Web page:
# Thread: simple question on mapping from R^n -> R^m

1. ## simple question on mapping from R^n -> R^m

I'm studying surface where I came along the following definition:

a coordinate patch $\displaystyle \mathbf{x}$: $\displaystyle D \mapsto \mathbb{R}^3$ is one-to-one regular mapping of an open set $\displaystyle D$ of $\displaystyle \mathbb{R}^2$ into $\displaystyle \mathbb{R}^3$

Now given this definition how would one go about checking if the given map would constitute a patch?

I'm thinking that in order to check if it's 1-1 we simply take the Jacobian and if one of the solutions is not 0 then we have a 1-1 relationship. So for instance if I have:
$\displaystyle \mathbf{x}x,y) = (x^2,y,y^3-y)$ and I define the first set as (u,v) and the second set as (x,y,z) coordinate then the Jacobians would be:

$\displaystyle \frac{\partial(x,y)}{\partial(u.v)}$ = $\displaystyle \det \begin{pmatrix} x_u & x_v\\ y_u & y_v \end{pmatrix}$ $\displaystyle = 2x \neq 0$

$\displaystyle \frac{\partial(x,z)}{\partial(u.v)}=2x*(3y^2-1)$
$\displaystyle \frac{\partial(y,z)}{\partial(u.v)}=0$

so now that at least one of the Jacobians is not 0 then it's 1-1.

is this correct?
In this particular case the last one is 0 does that make any difference?

2. Originally Posted by lllll
I'm studying surface where I came along the following definition:

a coordinate patch $\displaystyle \mathbf{x}$: $\displaystyle D \mapsto \mathbb{R}^3$ is one-to-one regular mapping of an open set $\displaystyle D$ of $\displaystyle \mathbb{R}^2$ into $\displaystyle \mathbb{R}^3$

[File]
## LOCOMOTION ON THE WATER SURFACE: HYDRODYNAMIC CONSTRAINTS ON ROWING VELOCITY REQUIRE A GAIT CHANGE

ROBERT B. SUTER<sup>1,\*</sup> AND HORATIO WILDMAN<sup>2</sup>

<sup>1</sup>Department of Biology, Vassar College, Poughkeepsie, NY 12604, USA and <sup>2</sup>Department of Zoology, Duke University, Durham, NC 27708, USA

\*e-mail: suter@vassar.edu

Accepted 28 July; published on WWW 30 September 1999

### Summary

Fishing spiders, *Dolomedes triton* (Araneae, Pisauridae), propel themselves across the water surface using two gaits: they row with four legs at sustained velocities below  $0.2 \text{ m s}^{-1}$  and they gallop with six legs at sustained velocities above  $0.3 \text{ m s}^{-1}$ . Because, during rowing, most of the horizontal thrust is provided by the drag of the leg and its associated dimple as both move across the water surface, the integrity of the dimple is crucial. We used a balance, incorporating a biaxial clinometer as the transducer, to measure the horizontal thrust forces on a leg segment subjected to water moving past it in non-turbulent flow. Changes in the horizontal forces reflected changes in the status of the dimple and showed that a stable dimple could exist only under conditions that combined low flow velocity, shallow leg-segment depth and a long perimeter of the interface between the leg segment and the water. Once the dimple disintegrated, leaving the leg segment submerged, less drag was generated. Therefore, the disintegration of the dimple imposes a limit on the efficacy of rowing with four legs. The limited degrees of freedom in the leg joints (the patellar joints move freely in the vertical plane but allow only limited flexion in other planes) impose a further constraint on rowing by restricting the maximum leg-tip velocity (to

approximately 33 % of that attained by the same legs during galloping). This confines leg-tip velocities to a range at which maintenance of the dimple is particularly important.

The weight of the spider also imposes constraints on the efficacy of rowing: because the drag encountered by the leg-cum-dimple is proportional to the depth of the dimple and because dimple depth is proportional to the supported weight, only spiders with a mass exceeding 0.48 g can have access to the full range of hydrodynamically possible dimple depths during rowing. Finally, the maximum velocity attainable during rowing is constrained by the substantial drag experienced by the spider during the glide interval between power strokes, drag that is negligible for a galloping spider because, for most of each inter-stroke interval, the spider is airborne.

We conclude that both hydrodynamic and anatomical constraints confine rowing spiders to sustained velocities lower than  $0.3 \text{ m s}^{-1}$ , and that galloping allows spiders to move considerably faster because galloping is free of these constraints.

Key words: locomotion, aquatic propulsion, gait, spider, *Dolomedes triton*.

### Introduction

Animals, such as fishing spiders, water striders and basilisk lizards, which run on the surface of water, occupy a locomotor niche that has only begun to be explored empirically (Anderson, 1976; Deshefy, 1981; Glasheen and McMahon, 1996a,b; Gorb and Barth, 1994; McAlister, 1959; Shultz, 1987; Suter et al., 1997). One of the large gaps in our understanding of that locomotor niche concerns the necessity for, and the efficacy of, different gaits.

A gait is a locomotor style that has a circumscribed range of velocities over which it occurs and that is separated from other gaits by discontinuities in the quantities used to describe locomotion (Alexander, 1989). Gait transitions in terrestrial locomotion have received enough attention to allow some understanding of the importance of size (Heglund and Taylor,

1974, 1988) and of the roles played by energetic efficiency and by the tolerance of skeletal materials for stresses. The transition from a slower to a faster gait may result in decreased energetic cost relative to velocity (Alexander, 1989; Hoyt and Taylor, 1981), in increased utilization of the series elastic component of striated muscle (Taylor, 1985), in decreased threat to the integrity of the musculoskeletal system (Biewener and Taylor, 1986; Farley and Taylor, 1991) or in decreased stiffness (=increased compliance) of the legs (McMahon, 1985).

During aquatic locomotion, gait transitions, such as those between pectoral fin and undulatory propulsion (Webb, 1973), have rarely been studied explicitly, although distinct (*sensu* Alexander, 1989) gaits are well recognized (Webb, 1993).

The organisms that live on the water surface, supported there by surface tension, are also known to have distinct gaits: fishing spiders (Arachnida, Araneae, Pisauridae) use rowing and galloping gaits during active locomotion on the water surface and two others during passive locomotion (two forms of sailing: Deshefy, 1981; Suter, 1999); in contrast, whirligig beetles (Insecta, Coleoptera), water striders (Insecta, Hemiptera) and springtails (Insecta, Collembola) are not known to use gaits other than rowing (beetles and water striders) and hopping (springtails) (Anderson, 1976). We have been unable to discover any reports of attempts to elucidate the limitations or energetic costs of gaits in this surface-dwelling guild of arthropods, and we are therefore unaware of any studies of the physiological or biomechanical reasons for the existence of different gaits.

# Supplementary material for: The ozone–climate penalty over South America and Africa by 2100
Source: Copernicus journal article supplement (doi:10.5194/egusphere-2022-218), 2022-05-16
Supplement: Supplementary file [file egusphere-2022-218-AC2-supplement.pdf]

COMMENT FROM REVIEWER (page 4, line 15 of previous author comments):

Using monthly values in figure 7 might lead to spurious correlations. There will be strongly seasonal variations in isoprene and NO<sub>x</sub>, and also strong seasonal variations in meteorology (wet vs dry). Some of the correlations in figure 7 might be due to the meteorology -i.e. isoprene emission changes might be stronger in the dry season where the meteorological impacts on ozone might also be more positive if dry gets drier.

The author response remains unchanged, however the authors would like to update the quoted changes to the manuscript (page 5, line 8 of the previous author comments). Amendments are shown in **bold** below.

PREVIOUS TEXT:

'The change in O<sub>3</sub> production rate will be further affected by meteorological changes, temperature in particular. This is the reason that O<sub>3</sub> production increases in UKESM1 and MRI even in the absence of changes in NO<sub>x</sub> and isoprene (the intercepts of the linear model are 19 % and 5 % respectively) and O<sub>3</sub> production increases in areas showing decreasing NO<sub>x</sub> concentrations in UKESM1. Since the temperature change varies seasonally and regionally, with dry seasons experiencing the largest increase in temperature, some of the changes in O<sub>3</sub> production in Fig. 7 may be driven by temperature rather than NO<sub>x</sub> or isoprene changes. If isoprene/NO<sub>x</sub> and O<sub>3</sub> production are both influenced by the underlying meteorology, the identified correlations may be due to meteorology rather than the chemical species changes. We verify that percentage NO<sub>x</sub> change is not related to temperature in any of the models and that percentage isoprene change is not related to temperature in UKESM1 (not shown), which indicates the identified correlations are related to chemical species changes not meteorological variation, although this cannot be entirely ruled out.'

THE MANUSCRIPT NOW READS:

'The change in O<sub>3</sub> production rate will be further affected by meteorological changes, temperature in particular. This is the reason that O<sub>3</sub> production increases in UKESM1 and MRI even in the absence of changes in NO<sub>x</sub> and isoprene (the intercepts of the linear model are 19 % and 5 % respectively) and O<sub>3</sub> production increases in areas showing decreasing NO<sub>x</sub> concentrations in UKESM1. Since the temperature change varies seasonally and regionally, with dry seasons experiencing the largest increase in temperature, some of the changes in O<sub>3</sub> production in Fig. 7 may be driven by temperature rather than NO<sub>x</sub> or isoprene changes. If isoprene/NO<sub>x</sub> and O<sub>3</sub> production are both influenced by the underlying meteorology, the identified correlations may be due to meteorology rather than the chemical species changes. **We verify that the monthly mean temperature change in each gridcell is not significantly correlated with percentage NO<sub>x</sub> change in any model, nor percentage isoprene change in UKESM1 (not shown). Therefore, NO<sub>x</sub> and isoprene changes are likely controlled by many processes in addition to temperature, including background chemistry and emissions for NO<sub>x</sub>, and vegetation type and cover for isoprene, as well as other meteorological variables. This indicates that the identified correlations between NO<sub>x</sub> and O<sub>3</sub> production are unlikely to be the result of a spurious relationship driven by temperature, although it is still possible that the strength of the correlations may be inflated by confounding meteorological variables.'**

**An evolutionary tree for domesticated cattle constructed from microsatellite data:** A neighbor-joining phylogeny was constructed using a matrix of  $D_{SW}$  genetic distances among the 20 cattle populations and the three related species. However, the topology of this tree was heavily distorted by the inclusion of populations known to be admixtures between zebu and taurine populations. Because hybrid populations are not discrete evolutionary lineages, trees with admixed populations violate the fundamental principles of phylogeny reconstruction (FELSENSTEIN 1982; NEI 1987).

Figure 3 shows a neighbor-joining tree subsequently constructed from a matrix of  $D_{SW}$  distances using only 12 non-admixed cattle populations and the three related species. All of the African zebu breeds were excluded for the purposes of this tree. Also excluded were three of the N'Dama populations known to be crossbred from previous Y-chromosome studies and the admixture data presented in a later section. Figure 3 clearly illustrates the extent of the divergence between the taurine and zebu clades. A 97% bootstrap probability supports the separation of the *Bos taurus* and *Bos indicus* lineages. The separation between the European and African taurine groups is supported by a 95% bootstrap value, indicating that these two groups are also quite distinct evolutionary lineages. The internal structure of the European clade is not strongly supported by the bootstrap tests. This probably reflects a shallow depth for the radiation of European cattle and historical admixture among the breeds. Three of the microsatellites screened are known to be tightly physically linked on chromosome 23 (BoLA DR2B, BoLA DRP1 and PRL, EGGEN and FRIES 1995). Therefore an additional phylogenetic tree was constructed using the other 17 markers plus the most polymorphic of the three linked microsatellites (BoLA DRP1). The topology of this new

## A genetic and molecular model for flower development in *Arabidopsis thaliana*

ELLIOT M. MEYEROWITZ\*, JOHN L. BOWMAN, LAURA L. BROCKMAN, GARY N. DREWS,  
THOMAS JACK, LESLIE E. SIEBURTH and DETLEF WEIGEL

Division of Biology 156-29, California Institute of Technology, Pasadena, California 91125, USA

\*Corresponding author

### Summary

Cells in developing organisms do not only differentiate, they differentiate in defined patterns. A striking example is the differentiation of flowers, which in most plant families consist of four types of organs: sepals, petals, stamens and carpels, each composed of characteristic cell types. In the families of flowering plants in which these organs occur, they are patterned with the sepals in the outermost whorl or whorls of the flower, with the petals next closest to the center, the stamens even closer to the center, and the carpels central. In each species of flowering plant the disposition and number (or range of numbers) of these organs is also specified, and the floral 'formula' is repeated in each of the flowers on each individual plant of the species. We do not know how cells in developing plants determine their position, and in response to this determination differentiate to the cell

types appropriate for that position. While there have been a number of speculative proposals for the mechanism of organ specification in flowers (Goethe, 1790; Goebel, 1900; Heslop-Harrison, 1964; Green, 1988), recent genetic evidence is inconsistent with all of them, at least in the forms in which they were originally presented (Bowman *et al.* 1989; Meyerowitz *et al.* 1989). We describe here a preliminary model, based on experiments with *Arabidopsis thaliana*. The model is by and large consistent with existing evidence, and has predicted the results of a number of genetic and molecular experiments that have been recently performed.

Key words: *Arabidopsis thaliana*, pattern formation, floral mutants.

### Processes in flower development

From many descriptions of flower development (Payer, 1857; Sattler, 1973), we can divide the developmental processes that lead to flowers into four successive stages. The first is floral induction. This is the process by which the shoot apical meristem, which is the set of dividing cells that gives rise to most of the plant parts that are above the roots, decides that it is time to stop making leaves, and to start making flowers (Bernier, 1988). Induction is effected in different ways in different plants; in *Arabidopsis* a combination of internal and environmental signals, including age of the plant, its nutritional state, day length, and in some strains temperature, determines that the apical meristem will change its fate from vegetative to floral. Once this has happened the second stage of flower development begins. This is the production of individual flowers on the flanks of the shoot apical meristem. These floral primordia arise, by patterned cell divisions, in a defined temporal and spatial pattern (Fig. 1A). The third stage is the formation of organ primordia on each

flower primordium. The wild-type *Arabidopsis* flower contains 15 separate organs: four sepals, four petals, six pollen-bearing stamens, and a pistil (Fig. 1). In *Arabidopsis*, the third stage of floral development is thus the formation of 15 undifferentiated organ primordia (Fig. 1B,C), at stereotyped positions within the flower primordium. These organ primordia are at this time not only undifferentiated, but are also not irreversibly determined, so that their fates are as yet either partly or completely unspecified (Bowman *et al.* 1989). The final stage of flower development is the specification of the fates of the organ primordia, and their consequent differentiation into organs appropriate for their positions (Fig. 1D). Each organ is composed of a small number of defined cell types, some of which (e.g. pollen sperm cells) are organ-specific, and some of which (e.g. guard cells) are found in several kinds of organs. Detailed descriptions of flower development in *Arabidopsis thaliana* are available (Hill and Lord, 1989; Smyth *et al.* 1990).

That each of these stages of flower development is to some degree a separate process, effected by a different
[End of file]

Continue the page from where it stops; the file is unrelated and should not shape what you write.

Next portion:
Now given this definition how would one go about checking if the given map would constitute a patch?

I'm thinking that in order to check if it's 1-1 we simply take the Jacobian and if one of the solutions is not 0 then we have a 1-1 relationship. So for instance if I have:
$\displaystyle \mathbf{x}x,y) = (x^2,y,y^3-y)$ and I define the first set as (u,v) and the second set as (x,y,z) coordinate then the Jacobians would be:

$\displaystyle \frac{\partial(x,y)}{\partial(u.v)}$ = $\displaystyle \det \begin{pmatrix} x_u & x_v\\ y_u & y_v \end{pmatrix}$ $\displaystyle = 2x \neq 0$

$\displaystyle \frac{\partial(x,z)}{\partial(u.v)}=2x*(3y^2-1)$
$\displaystyle \frac{\partial(y,z)}{\partial(u.v)}=0$

so now that at least one of the Jacobians is not 0 then it's 1-1.

is this correct?
In this particular case the last one is 0 does that make any difference?
Are you attempting to appeal to the inverse function theorem?

3. It's not correct, as the example you give shows. The points $\displaystyle (x,y)$ and $\displaystyle (-x,y)$ have the same image.

I think it is true if the open set $\displaystyle U$ is a small enough neighbourhood of a point where the condition you describe holds. There certainly needs to be a restriction on $\displaystyle U$.

4. Originally Posted by Bruno J.
It's not correct, as the example you give shows. The points $\displaystyle (x,y)$ and $\displaystyle (-x,y)$ have the same image.
I didn't really see that. Is there a way to verify injectivity of a given map as a increase/decrease the number of dimensions. I don't think verifying it on a case by case basis is feasible.

5. Originally Posted by lllll
I didn't really see that. Is there a way to verify injectivity of a given map as a increase/decrease the number of dimensions. I don't think verifying it on a case by case basis is feasible.
I don't know of a general method except for the inverse function theorem stated by Drexel, which only applies to differentiable functions $\displaystyle f: \mathbb{R}^n \to \mathbb{R}^n$. There probably exists a generalization of this theorem which would answer your question; I'll think about it.